Robert Caudwell speaking at ADA’s 80th Annual Conference, Institution of Civil Engineers, London
Our 80th Anniversary conference was a great success, with a sold out attendance, a great line up of speakers, a very good question time, and a fitting tribute from Lord Deben to our retiring chair Henry Cator.O.B.E.
As a start to my chairmanship I could not have wished for a better occasion. The minister was very clear on a number of issues that ADA has been lobbying her government on. Her support for a solution to the issue of abstraction licences has moved the debate further on. We are working with DEFRA and the EA for a pragmatic result that will enable water level management across the catchment between IDBs and local EA officers to continue, to the benefit of farmers who wish to irrigate, wetland environmental areas that need high water tables and a sensible approach of partnership working during flood and drought.
Sir James Bevan was very open and honest about the challenges facing the Environment Agency and that main rivers would not be de-mained unless there is local support for this. ADA supports the DEFRA de-maining pilots and we hope that the next generation of de-maining opportunities will follow as soon as we have learnt lessons from the pilots. Having visited some of the pilot’s areas, there is not a one size fits all answer and we must have a sensible, flexible approach going forward.
Cllr Derek Antrobus gave a fantastic presentation on the issues facing so many local authorities; Derek spoke of a whole catchment approach to flood management, taken by Salford city council, which I fully support, not the stop-start approach of defending urban areas, whilst ignoring the rural areas. The fact that his debate has been continuing since Victorian times shows it is our generation that needs to finally win this argument, and embed partnership working in across catchments as the only way forward to holistic water management, whether it be flooding or drought, the solutions must be found working together.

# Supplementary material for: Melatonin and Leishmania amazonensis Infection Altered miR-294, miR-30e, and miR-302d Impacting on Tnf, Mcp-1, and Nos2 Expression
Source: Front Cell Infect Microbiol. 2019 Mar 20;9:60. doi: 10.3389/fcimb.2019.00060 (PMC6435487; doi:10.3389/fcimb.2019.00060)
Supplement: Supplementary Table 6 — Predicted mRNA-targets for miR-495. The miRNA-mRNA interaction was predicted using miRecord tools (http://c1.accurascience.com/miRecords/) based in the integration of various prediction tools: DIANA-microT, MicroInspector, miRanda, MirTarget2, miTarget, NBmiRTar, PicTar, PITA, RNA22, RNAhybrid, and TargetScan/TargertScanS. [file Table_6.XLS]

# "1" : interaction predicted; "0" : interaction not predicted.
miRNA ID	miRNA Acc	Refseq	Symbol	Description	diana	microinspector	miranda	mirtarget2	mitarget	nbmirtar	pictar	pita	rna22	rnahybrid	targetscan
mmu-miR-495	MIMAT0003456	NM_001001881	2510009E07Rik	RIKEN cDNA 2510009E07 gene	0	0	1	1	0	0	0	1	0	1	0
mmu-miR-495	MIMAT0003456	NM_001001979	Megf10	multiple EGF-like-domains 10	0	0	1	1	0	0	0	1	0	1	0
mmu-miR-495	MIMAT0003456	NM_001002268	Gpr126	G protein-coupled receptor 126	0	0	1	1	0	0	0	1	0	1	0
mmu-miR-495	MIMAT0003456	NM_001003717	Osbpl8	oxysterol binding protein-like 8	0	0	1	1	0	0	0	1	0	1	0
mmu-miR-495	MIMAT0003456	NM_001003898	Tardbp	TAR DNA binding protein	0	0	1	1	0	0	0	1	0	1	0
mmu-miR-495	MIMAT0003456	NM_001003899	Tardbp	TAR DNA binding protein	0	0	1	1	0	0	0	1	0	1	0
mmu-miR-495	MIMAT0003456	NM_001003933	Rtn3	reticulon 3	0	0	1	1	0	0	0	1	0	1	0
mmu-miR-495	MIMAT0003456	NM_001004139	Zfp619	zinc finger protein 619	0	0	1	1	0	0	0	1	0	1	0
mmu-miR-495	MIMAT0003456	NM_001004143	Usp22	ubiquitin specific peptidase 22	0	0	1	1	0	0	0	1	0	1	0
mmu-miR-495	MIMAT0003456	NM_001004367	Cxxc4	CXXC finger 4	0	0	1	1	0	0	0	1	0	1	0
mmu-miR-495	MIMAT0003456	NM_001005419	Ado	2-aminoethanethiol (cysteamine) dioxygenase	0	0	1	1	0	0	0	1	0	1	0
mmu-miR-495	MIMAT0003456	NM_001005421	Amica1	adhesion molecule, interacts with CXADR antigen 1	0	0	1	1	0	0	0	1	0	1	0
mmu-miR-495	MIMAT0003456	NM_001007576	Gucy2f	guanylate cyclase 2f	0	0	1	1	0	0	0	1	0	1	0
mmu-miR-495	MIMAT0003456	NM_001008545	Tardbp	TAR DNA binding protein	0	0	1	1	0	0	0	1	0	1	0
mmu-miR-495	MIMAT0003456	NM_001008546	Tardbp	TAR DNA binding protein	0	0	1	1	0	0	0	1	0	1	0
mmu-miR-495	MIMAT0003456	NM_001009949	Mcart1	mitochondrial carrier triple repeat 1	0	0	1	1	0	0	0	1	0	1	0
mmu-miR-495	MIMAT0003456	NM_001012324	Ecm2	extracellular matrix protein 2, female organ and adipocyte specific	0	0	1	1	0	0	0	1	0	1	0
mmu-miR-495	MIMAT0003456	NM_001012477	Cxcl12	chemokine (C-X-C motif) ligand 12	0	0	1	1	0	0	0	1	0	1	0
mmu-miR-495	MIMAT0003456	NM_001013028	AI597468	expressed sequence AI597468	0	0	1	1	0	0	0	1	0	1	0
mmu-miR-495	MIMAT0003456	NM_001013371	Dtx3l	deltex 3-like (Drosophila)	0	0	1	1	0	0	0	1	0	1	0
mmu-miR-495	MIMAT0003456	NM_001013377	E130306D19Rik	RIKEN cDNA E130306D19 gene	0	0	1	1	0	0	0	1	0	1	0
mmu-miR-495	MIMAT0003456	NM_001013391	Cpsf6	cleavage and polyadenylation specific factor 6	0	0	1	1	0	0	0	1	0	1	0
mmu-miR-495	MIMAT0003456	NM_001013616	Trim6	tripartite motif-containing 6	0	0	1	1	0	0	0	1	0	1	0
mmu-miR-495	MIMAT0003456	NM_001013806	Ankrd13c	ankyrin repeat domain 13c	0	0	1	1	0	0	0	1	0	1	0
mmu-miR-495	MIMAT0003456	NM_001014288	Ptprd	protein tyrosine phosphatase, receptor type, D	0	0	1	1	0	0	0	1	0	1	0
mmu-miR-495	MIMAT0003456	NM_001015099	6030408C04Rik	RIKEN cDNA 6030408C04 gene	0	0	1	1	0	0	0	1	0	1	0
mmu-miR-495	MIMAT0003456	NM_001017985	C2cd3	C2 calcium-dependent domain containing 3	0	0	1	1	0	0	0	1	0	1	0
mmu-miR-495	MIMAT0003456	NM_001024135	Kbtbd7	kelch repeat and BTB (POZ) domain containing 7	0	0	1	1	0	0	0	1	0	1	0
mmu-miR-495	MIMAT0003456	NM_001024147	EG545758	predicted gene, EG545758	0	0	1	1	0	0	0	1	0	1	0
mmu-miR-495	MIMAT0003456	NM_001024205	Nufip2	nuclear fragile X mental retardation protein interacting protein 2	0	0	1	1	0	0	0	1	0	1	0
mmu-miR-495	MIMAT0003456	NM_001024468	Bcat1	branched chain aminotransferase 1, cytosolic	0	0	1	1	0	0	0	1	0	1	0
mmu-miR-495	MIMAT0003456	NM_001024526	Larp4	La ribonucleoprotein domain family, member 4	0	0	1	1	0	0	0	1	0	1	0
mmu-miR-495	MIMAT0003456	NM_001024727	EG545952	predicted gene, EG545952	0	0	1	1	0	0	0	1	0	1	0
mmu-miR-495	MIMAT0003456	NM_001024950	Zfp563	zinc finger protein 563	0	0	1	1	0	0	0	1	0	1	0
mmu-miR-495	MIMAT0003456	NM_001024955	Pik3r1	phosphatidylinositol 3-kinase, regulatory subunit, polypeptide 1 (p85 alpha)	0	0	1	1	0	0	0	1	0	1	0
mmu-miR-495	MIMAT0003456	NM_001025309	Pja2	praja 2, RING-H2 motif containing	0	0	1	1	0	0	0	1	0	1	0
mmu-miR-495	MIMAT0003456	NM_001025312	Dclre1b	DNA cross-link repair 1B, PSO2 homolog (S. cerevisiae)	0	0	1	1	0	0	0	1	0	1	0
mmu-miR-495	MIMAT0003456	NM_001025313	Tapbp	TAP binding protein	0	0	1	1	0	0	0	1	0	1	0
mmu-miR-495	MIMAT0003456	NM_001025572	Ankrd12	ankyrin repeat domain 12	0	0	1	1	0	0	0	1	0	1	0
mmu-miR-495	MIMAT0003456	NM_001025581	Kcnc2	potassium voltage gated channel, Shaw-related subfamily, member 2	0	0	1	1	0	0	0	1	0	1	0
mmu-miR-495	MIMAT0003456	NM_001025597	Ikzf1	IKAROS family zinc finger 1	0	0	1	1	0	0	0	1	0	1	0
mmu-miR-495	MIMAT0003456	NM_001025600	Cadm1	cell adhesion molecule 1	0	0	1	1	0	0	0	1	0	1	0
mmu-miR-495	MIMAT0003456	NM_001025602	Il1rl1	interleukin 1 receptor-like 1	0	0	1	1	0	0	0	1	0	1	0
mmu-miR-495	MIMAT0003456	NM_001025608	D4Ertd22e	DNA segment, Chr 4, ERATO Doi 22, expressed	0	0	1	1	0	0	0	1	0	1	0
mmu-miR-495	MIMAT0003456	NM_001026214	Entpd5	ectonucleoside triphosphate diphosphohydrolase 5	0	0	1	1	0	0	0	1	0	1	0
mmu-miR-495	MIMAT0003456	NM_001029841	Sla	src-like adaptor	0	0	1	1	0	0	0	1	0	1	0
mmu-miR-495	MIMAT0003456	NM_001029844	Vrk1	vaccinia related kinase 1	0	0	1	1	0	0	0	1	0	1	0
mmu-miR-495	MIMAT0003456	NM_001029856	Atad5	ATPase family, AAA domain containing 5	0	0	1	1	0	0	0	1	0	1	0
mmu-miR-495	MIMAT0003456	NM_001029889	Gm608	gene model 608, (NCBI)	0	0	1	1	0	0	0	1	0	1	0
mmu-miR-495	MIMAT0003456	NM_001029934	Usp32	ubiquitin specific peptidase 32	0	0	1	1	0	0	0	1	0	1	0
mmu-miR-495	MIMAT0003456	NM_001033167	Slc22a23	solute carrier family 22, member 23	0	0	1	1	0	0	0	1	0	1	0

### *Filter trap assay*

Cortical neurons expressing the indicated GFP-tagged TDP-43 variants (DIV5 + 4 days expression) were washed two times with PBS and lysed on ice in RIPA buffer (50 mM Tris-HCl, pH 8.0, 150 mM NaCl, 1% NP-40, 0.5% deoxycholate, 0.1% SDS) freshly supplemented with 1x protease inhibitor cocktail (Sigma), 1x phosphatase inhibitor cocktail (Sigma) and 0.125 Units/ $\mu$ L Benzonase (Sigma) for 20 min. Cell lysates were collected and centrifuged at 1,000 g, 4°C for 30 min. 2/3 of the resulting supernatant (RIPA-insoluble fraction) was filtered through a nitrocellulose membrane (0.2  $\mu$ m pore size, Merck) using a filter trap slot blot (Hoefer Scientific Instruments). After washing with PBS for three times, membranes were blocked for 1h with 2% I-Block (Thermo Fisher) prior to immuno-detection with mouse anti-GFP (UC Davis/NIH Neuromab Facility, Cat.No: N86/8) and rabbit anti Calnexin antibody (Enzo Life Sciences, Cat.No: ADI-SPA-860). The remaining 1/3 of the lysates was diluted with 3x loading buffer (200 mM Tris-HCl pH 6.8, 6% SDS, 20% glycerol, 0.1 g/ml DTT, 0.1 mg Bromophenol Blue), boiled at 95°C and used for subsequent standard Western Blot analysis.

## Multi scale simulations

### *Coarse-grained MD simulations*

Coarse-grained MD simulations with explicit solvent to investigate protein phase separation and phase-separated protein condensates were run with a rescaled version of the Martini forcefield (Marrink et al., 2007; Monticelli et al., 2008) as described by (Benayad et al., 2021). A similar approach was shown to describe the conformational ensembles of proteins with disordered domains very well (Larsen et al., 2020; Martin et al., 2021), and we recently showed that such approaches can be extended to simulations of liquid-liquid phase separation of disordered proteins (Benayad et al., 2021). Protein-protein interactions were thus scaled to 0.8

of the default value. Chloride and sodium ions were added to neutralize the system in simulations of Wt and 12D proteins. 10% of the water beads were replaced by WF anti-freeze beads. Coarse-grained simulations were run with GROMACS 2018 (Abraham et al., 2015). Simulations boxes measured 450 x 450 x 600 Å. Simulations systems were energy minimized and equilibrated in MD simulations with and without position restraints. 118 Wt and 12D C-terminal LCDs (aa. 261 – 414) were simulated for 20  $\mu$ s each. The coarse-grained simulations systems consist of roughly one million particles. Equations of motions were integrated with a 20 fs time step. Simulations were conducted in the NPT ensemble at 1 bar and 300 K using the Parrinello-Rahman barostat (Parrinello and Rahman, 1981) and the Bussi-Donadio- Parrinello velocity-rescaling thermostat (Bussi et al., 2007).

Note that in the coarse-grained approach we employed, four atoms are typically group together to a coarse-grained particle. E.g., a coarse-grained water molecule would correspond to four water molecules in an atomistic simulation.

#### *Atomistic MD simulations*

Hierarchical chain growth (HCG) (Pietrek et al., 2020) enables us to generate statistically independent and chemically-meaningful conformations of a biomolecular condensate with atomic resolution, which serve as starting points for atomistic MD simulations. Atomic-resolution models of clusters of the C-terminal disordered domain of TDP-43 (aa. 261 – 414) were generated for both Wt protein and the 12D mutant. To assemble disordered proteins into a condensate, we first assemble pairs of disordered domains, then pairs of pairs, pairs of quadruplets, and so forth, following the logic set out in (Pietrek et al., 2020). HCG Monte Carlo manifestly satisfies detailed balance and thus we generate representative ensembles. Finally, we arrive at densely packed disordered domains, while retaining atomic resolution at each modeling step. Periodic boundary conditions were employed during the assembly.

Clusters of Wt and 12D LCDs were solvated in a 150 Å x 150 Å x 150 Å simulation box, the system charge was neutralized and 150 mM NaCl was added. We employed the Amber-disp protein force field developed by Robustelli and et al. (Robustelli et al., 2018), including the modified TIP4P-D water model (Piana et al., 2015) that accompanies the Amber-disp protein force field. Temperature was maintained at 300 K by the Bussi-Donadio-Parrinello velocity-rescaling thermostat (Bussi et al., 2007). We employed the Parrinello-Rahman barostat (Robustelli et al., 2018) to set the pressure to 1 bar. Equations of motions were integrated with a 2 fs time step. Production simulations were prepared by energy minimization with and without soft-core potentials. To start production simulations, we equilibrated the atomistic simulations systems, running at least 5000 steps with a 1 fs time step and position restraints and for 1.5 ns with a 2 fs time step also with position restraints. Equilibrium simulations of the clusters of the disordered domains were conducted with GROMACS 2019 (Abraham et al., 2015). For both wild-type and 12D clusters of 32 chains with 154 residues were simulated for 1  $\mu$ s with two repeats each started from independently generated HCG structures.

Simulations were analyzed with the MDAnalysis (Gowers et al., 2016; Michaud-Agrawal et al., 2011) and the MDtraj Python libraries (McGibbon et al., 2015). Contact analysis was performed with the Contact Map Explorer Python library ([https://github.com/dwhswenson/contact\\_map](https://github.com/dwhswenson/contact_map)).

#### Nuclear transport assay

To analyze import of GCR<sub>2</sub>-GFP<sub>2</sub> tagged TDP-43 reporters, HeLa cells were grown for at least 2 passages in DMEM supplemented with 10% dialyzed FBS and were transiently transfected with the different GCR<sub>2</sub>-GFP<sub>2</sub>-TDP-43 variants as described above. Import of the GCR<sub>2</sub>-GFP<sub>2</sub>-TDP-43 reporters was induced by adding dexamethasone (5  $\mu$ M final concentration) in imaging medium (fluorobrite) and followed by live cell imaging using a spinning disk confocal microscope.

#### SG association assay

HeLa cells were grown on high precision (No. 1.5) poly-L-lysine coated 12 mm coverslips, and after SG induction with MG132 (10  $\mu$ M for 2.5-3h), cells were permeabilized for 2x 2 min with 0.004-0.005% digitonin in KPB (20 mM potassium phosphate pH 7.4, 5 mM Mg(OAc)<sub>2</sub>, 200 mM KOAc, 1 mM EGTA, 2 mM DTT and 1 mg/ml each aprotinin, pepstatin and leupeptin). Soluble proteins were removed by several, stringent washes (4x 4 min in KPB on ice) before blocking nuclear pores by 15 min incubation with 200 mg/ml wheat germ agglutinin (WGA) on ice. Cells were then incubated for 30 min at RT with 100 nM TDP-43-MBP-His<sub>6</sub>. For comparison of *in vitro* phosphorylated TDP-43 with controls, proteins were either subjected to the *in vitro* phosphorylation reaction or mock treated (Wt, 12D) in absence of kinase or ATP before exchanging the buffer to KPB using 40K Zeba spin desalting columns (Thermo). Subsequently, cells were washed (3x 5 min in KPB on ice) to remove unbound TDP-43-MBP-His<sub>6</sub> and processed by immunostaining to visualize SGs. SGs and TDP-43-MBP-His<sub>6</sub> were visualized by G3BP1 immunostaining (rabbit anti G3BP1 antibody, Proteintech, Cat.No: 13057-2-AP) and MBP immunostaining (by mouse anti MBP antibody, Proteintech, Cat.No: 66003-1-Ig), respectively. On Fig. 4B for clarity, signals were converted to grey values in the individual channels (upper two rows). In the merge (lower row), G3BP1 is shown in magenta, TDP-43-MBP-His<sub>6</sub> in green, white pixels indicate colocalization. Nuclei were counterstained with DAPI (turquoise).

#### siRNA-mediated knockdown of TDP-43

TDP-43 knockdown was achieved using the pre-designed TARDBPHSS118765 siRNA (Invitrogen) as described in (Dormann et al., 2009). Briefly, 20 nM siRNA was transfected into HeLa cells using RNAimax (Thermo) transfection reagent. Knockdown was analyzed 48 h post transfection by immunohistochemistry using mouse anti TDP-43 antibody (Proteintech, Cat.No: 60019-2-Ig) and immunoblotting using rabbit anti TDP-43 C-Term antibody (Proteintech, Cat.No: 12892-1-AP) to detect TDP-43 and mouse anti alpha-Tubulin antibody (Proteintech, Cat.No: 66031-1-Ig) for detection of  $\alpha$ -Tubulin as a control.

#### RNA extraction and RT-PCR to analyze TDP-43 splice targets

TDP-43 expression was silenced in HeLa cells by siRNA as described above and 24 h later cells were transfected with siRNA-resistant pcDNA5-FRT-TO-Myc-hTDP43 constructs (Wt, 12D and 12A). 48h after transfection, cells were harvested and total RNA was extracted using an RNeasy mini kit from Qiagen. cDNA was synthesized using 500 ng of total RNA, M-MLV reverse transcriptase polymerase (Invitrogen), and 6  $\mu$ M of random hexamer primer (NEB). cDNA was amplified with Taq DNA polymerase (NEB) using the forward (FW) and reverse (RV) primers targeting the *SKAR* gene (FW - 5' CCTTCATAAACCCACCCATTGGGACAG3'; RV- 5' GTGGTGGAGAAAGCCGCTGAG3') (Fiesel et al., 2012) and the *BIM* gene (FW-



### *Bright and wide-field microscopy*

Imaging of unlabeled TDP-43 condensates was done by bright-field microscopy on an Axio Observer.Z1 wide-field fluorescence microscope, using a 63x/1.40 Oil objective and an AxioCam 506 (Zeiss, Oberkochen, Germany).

Derek also spoke of the pressure for more housing growth on urban areas to meet the demand from local people struggling to find housing, but also the increasing risk of surface water flooding in many areas. This could have been solved by a full implementation of the Pitt review recommendations, under the 2010 Flood and Water Management Act, of SUDS approval bodies delivered by Lead Local Flood Authorities. The present system of reliance on planning authorities is clearly not effective, and many developers are using the short term fix of management agreements. with no long term funding in place.
ADA are working hard with local authorities groups to offer solutions to government, whilst I support the need to build more houses to satisfy the increasing demand, we should not be adding to the misery of flood prone housing for future generations, when there are solutions that do not add significant cost to housing, but do require developers to support long term maintenance packages.
Since the conference I have had the opportunity to visit some of the ADA branches, and see the fantastic partnership working that is happening at a local level. I am keen to visit more areas and hope to be able to visit more ADA branches in 2018.